• Probability = number of favorable events / total number of events
• Probability = 1 / 2
• Probability = 50% or 0.5 or ½ or 1 out of 2.

This is a probability calculation for two independent, disjoint outcomes. Coin edges aren’t included in the total-number-of-events because the probability of flipping a coin so it lands on an edge is much much smaller than the probability of flipping a coin so it lands on a side. Alternative events have to have an observable (non-zero) probability of occurring for a calculation to be valid.

Probability can be expressed in several ways — as a percentage, as a decimal, as a fraction, or as the relative frequency of occurrence.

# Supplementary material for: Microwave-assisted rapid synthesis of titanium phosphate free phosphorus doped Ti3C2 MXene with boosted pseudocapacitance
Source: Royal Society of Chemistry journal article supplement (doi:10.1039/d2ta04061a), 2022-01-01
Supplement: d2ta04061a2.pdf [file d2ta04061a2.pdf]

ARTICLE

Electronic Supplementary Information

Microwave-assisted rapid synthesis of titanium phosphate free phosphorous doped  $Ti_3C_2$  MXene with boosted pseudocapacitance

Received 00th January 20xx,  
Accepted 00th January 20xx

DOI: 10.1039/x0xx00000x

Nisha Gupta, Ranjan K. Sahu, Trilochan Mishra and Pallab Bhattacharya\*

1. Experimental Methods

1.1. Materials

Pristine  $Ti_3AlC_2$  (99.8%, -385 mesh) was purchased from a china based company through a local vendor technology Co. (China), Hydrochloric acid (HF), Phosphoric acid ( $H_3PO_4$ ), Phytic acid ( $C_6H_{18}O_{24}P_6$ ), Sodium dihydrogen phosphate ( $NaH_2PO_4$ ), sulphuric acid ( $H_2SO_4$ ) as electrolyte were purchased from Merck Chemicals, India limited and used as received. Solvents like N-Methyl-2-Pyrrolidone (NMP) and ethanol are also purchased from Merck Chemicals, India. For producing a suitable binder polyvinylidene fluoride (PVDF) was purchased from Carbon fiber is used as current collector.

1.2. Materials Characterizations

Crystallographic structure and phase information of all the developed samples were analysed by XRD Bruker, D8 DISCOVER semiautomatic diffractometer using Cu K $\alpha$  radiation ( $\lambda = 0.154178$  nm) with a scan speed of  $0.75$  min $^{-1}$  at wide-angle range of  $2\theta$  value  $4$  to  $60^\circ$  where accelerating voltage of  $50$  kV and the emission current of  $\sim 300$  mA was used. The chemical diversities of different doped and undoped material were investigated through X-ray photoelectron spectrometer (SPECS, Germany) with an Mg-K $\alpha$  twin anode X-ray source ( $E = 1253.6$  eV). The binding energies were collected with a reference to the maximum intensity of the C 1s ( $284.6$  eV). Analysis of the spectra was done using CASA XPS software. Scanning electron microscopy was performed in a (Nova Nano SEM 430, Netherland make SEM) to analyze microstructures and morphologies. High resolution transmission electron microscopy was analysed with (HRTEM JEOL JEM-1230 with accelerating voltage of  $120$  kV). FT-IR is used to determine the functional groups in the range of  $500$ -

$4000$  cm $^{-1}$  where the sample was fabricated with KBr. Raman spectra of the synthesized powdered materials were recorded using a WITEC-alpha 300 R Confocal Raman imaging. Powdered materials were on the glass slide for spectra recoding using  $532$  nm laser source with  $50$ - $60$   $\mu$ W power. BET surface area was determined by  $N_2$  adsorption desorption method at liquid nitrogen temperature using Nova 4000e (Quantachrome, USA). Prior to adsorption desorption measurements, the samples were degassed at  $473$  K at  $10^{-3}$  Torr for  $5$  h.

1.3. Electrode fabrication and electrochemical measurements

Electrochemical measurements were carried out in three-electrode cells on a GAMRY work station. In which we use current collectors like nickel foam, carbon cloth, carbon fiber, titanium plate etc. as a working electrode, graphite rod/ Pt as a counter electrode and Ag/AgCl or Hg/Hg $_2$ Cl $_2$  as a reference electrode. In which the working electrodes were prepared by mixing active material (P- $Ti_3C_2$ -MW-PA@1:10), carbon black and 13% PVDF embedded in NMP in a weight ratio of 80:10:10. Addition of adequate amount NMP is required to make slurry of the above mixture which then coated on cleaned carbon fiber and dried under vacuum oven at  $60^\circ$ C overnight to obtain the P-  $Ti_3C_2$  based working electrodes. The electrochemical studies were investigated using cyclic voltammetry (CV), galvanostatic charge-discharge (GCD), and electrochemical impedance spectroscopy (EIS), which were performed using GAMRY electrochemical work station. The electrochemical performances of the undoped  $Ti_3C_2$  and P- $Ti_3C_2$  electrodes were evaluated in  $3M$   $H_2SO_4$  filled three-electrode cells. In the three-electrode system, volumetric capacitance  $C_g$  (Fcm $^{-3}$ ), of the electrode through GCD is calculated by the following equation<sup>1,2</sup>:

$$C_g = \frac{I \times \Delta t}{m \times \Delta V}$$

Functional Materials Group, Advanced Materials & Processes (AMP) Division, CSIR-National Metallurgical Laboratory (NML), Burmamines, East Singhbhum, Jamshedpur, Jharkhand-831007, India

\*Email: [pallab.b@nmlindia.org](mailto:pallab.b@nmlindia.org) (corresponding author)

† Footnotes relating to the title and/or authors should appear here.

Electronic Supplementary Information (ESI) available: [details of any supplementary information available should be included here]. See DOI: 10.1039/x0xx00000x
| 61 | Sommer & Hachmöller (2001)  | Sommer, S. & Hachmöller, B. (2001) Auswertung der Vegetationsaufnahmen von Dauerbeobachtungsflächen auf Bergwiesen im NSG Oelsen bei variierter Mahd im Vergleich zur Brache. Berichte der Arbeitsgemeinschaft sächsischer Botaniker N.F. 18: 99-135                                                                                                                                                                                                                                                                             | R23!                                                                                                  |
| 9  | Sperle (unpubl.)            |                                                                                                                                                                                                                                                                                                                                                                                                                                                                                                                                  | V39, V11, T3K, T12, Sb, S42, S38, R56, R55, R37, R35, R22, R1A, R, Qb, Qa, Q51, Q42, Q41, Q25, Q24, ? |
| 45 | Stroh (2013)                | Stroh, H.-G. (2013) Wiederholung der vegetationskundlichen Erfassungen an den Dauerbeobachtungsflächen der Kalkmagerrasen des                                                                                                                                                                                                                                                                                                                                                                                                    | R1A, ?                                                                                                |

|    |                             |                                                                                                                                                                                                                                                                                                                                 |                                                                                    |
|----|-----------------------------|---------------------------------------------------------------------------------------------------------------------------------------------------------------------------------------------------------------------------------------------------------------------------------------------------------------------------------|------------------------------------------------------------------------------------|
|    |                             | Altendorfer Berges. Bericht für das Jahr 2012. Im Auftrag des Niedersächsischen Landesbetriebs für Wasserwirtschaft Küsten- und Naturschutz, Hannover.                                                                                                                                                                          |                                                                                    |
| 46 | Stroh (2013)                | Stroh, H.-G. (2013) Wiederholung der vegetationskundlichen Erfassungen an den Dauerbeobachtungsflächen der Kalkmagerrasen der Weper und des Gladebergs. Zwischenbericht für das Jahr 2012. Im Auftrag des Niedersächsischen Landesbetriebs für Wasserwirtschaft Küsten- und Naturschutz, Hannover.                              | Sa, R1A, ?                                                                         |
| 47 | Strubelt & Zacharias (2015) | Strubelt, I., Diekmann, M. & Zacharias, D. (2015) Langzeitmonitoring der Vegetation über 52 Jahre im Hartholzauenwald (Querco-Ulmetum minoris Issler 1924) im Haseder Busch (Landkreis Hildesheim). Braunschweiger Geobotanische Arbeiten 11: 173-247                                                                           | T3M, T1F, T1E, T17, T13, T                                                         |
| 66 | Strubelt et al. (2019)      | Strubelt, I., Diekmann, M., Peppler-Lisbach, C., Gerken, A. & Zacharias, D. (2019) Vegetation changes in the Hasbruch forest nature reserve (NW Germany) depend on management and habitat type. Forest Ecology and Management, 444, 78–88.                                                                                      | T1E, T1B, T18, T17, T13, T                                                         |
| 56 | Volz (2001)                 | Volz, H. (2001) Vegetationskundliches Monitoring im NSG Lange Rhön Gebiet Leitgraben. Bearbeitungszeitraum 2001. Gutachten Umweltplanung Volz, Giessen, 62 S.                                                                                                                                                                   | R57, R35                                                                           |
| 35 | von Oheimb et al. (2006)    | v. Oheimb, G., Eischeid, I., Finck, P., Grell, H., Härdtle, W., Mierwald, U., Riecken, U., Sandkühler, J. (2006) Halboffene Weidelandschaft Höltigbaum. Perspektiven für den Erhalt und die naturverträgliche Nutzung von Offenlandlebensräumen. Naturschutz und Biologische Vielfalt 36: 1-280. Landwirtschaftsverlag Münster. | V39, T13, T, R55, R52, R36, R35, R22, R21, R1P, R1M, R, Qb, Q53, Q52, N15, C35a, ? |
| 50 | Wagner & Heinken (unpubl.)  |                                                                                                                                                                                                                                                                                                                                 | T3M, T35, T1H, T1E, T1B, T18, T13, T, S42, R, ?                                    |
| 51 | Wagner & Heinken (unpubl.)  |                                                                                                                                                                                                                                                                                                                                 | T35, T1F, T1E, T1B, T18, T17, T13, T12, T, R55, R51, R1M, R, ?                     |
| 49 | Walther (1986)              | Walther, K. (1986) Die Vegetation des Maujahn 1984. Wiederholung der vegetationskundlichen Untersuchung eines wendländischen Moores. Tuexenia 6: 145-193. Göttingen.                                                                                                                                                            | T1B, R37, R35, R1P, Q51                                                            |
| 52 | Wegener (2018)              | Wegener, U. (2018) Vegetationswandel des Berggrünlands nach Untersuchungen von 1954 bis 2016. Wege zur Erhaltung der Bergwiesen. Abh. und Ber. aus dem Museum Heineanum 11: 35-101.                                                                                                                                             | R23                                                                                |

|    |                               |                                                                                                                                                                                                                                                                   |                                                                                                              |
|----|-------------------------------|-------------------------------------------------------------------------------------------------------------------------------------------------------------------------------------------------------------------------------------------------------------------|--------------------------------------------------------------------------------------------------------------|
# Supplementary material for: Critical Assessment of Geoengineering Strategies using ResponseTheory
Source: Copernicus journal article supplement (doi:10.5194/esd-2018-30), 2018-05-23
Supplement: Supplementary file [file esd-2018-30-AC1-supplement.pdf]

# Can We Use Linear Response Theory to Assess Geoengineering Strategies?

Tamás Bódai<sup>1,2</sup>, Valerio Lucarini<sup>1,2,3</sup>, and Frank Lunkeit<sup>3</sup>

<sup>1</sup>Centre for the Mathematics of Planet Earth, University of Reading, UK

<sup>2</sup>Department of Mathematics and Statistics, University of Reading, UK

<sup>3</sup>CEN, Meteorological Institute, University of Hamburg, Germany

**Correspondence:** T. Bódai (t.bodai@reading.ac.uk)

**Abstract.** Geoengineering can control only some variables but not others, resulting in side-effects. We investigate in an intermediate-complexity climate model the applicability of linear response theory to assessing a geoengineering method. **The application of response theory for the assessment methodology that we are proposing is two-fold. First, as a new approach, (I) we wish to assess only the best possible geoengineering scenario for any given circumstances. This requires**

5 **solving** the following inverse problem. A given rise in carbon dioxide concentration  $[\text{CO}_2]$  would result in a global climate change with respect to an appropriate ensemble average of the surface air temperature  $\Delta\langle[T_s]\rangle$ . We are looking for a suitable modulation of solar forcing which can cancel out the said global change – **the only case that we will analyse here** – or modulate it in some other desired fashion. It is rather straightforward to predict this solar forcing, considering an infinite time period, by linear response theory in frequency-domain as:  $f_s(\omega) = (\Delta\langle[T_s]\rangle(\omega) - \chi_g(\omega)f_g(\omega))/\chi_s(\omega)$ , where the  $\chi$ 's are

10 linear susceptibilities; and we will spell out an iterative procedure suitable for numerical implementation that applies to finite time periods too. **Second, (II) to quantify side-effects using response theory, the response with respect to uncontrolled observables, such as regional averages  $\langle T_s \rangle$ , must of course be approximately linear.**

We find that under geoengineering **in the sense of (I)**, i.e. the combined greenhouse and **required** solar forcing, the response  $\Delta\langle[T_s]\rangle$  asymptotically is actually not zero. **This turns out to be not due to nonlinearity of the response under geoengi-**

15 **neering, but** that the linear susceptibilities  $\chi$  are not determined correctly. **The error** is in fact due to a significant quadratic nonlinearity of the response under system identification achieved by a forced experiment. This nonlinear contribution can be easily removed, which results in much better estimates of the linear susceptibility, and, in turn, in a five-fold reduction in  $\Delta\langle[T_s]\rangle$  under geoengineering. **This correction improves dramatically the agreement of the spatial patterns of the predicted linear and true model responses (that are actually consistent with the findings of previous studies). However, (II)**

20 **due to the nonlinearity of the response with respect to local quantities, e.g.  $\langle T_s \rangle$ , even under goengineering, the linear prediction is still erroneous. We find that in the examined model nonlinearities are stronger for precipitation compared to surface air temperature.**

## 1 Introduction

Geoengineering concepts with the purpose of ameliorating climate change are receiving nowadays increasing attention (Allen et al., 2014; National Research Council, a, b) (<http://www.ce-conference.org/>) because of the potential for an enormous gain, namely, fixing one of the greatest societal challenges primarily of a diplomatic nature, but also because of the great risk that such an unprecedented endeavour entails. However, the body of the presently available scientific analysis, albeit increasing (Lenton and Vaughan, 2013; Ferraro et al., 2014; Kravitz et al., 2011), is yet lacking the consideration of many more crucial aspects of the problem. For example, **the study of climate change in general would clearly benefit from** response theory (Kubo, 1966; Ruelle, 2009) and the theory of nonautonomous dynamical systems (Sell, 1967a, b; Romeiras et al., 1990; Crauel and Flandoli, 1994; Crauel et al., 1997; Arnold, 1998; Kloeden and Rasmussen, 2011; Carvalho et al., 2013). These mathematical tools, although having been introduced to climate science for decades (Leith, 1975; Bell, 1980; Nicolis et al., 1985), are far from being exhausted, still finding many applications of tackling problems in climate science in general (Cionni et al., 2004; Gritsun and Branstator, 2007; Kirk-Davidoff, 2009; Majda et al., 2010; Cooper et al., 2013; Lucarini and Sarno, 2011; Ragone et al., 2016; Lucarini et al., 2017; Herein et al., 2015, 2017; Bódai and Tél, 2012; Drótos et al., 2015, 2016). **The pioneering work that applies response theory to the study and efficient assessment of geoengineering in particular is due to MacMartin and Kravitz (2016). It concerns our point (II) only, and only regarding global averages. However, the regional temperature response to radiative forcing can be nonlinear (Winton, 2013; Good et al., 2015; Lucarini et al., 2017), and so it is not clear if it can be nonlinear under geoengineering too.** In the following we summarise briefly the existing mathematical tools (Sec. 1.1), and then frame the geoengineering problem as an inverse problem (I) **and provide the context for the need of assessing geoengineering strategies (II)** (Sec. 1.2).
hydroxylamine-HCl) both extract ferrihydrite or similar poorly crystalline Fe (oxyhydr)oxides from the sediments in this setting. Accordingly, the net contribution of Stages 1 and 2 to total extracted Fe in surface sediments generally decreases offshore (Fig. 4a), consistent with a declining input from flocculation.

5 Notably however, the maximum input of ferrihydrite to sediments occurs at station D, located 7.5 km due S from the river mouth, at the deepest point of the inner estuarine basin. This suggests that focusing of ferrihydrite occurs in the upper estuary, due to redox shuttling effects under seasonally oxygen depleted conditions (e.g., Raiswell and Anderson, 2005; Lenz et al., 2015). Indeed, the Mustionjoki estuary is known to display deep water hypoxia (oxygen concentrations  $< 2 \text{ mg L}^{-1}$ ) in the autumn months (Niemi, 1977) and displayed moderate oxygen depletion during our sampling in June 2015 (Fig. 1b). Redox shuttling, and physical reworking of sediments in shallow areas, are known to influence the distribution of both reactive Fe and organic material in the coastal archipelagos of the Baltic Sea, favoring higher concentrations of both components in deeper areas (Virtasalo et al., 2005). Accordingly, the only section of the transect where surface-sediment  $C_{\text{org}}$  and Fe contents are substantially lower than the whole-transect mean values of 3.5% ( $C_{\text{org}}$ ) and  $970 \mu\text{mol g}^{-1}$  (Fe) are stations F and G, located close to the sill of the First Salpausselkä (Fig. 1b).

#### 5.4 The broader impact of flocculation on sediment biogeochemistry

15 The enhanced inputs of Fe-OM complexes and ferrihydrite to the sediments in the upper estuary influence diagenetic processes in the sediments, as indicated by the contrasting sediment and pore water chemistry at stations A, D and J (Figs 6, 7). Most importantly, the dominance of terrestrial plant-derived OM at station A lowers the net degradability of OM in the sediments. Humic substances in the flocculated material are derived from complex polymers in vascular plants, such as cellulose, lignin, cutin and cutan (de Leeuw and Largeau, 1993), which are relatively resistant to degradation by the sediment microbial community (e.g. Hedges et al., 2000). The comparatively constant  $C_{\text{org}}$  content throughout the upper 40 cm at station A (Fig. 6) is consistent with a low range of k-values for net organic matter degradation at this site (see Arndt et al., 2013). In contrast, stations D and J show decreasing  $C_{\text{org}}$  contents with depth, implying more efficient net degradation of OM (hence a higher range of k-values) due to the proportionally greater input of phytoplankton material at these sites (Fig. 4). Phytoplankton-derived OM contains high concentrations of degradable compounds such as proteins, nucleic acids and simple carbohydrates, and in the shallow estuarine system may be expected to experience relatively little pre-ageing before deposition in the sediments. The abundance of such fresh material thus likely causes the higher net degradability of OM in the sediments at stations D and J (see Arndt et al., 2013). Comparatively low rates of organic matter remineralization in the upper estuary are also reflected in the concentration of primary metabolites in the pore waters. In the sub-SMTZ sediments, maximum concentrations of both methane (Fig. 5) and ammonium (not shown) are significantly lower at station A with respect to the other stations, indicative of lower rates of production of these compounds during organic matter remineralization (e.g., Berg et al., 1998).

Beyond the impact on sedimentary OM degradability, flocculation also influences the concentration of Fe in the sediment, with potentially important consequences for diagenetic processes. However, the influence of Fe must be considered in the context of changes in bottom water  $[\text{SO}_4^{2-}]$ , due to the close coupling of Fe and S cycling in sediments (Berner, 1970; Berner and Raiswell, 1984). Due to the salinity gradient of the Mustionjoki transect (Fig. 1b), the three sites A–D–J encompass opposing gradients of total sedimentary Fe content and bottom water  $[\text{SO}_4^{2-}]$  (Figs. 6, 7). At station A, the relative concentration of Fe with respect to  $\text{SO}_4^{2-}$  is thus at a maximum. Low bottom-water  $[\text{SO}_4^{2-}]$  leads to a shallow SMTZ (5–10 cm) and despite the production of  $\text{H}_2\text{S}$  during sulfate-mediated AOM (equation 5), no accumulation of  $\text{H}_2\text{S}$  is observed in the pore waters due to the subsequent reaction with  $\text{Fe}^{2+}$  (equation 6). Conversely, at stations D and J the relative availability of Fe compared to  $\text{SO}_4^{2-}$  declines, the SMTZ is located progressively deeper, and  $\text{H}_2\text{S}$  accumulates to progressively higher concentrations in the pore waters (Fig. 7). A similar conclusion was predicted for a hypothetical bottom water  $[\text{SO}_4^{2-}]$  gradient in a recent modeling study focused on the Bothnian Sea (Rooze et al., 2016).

Using the same coin, record the results of 100 coin-flips. Count the number of times the results were the A-side and how many times the results were the B-side. Then flip the coin one more time.

What is the probability that side B will land facing upward?

• Probability = number of favorable events / total number of events
• Probability = 1 / 2
• Probability = 50% or 0.5 or ½ or 1 out of 2.

Each coin flip is independent of the results of every other coin flip. So, whether you flip the coin 100 times or a million times, the probability of the next flip will always be ½. When you flipped the coin 100 times, for instance, you might have recorded 53 B-sides and 47 A-sides. The probability of the B-side facing upward after a flip would NOT be 53/100 because the flips are independent of each other. What happens on one flip has no bearing on any other flip.

Toast. Make two pieces of toast and spread butter on one side of each. Eat one and toss the other into the air.